2018 was a very busy year for both auction houses and the private sector, with global art market sales reaching $67.4 billion up 6% year-on-year.[1] Auction houses and larger galleries are prospering in this market, leaving smaller and mid-sized galleries behind and increasing the disparity between these large and small organizations. Fewer galleries are opening and more are closing as bigger gallery names consolidate both artists and clients.[2] Museums and dealers alike are focusing their attention on diversity and inclusion, highlighting artists of color and women who are experiencing increased exposure in exhibitions leading to an increase in market demand. 2018 was a record year in terms of sales volume and Postwar and Contemporary art remained the leader, followed by Impressionist and Modern. [3]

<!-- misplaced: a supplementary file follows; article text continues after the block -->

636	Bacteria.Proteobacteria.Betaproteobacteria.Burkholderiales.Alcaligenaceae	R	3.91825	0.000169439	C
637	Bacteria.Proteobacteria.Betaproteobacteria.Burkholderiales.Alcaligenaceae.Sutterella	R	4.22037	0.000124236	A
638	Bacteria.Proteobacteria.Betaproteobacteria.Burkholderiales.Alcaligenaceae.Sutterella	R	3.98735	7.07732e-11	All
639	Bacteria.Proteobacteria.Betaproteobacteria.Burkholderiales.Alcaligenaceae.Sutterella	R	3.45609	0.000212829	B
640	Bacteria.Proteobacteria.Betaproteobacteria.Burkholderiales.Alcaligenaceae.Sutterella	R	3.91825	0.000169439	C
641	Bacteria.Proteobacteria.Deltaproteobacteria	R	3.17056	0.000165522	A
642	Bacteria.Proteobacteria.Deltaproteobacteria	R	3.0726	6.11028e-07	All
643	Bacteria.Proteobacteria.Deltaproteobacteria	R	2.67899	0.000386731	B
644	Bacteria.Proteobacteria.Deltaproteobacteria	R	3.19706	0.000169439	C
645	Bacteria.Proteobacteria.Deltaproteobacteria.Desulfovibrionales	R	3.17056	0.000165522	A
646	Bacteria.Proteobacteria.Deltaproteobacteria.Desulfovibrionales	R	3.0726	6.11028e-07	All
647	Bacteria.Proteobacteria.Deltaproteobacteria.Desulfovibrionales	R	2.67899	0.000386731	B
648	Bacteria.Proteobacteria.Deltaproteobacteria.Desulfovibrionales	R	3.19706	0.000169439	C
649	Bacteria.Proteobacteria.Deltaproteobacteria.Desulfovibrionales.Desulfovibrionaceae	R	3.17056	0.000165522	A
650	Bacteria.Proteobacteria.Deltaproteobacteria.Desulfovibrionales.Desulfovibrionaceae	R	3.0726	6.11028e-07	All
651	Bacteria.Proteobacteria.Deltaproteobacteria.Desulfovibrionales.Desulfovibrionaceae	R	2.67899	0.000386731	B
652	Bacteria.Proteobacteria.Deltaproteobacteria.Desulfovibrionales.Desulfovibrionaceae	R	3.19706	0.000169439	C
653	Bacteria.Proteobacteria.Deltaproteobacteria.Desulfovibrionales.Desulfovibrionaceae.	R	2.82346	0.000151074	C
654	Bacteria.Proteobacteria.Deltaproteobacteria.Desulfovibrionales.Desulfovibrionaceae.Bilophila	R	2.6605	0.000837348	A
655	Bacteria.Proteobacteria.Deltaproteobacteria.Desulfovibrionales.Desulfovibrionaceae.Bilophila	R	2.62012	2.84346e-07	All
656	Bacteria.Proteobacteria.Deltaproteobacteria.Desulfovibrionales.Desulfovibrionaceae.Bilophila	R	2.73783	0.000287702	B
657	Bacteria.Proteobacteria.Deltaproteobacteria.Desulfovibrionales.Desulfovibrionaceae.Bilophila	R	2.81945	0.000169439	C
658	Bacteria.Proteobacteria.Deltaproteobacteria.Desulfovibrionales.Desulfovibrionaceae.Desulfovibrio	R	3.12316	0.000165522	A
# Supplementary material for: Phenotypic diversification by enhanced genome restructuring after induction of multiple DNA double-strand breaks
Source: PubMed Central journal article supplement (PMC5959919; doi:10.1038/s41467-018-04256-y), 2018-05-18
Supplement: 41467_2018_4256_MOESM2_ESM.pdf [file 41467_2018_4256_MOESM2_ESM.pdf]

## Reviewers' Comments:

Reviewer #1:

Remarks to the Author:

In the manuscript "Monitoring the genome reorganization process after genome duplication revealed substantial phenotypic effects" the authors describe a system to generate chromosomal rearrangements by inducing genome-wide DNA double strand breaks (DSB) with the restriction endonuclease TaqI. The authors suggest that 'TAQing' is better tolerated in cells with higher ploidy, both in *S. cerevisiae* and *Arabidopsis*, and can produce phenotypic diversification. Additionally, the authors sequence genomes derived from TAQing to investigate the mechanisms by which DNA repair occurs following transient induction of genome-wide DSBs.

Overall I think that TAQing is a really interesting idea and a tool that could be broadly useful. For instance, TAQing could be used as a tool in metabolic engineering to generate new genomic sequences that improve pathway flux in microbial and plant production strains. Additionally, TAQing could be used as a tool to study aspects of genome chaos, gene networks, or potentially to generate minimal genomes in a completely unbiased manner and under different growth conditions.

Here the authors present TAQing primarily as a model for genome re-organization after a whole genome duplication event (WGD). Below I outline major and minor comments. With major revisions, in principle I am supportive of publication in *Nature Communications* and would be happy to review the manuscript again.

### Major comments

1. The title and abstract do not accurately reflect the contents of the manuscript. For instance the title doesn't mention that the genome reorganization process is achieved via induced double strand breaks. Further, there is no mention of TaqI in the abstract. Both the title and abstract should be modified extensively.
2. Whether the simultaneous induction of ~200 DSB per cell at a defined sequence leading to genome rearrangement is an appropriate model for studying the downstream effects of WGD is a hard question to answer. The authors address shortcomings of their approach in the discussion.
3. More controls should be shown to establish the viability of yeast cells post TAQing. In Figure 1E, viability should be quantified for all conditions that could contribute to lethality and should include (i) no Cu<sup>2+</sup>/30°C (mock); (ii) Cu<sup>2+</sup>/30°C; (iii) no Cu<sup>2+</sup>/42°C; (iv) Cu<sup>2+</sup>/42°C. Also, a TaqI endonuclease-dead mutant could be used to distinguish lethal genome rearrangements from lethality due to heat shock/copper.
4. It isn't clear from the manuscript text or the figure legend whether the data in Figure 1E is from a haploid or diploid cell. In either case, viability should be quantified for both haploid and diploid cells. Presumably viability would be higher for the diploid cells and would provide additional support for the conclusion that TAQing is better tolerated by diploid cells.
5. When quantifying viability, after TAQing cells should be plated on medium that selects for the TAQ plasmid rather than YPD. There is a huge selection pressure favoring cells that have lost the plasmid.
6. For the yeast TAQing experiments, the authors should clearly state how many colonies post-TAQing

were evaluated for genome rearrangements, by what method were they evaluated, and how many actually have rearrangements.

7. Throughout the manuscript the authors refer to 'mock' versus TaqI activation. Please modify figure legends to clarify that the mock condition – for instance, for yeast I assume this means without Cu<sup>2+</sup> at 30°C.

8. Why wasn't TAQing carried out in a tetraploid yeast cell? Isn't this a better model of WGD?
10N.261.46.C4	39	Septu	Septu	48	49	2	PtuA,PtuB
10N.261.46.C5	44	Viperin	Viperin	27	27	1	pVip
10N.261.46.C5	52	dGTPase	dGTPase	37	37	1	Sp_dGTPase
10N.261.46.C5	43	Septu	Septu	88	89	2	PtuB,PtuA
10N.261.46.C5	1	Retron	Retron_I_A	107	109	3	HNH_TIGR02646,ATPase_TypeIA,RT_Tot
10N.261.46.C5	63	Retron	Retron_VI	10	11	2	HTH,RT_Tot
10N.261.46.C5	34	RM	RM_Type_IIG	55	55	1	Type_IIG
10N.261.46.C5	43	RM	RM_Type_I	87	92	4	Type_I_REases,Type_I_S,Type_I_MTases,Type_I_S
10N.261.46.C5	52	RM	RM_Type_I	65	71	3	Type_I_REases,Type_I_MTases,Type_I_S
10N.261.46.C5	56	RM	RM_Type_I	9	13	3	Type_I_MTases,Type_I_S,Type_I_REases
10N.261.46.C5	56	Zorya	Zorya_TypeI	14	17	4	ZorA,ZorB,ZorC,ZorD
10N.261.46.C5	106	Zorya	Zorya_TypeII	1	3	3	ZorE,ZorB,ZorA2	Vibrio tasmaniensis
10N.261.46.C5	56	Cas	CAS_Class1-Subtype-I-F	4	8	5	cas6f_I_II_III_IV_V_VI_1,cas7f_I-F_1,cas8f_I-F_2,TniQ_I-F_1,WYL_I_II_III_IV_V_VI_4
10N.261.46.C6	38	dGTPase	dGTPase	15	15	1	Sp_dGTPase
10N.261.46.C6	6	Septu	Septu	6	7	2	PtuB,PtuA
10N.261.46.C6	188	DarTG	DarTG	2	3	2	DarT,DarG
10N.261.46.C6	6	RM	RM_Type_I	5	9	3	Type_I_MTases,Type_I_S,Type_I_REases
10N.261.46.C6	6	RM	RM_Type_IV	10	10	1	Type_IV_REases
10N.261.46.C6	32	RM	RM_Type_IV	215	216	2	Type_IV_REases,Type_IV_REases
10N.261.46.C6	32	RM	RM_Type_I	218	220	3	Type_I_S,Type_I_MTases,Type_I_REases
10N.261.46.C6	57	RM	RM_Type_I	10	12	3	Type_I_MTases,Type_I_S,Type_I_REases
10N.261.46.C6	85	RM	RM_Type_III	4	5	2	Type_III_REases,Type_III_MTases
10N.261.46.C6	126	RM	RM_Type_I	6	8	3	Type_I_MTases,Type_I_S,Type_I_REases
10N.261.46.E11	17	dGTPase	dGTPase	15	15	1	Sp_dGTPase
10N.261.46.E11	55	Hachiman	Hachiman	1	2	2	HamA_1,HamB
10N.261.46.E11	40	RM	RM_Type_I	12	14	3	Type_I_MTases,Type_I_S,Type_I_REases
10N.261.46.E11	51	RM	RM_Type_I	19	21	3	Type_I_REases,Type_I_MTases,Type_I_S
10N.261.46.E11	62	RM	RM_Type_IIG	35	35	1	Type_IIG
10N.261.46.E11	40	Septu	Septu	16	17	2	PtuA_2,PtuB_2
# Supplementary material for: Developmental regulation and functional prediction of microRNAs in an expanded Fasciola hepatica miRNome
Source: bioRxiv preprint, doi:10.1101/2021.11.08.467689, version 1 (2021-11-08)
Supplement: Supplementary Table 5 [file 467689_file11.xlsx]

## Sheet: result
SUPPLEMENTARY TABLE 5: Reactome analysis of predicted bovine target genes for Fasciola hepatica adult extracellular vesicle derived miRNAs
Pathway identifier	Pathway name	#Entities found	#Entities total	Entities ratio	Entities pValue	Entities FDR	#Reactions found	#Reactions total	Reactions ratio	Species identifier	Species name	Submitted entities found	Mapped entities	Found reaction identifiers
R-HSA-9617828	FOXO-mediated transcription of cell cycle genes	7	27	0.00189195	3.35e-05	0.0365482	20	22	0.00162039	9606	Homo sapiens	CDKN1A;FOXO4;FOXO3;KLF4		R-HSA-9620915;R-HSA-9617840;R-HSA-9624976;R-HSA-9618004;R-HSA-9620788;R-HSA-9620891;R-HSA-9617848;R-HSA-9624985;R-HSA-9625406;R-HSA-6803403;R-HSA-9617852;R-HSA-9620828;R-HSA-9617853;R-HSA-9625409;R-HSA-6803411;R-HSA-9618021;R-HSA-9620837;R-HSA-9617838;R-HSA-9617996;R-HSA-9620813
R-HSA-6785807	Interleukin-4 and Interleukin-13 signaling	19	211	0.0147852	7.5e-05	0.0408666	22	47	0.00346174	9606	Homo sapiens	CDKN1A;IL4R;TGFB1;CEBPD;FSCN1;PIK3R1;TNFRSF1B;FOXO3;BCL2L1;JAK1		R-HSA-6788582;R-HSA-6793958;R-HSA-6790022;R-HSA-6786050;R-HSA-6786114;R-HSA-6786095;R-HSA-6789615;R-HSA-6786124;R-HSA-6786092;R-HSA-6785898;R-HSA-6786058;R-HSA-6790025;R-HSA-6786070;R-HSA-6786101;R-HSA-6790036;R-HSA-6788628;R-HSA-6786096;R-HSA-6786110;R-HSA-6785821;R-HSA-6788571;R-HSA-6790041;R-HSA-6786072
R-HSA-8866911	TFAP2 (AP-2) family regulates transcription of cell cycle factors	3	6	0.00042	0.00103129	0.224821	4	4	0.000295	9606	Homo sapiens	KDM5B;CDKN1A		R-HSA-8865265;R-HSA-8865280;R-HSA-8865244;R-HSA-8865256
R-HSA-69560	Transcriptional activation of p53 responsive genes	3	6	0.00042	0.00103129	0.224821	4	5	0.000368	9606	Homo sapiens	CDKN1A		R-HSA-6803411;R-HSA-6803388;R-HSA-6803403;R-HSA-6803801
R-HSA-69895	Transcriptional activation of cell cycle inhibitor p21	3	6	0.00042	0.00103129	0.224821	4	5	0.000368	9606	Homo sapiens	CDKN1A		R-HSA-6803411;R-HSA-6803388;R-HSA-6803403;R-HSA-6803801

The art market is not protected from uncertainty and functions like other big markets. In 2016, all major markets declined due to economic and political uncertainties damaging market confidence, with sales losing 16% of their value in the years 2014 to 2016.[4] By 2017, the environment of the market improved for sales with stronger consumer confidence and increased supply at the top of the market. The market realized a powerful and positive gain of 12% in 2017 with the auction sector outperforming the dealer sector. While the mood of the art market in 2018 was slightly less hopeful due to larger economic and political issues impacting investor and consumer attitudes, it did not stop people from buying. More risk-averse buyers and sellers moved into private sales within the dealer market, which experienced a 7% growth in 2018. The auction market advanced by 3%, and there was additional e-commerce growth. [5]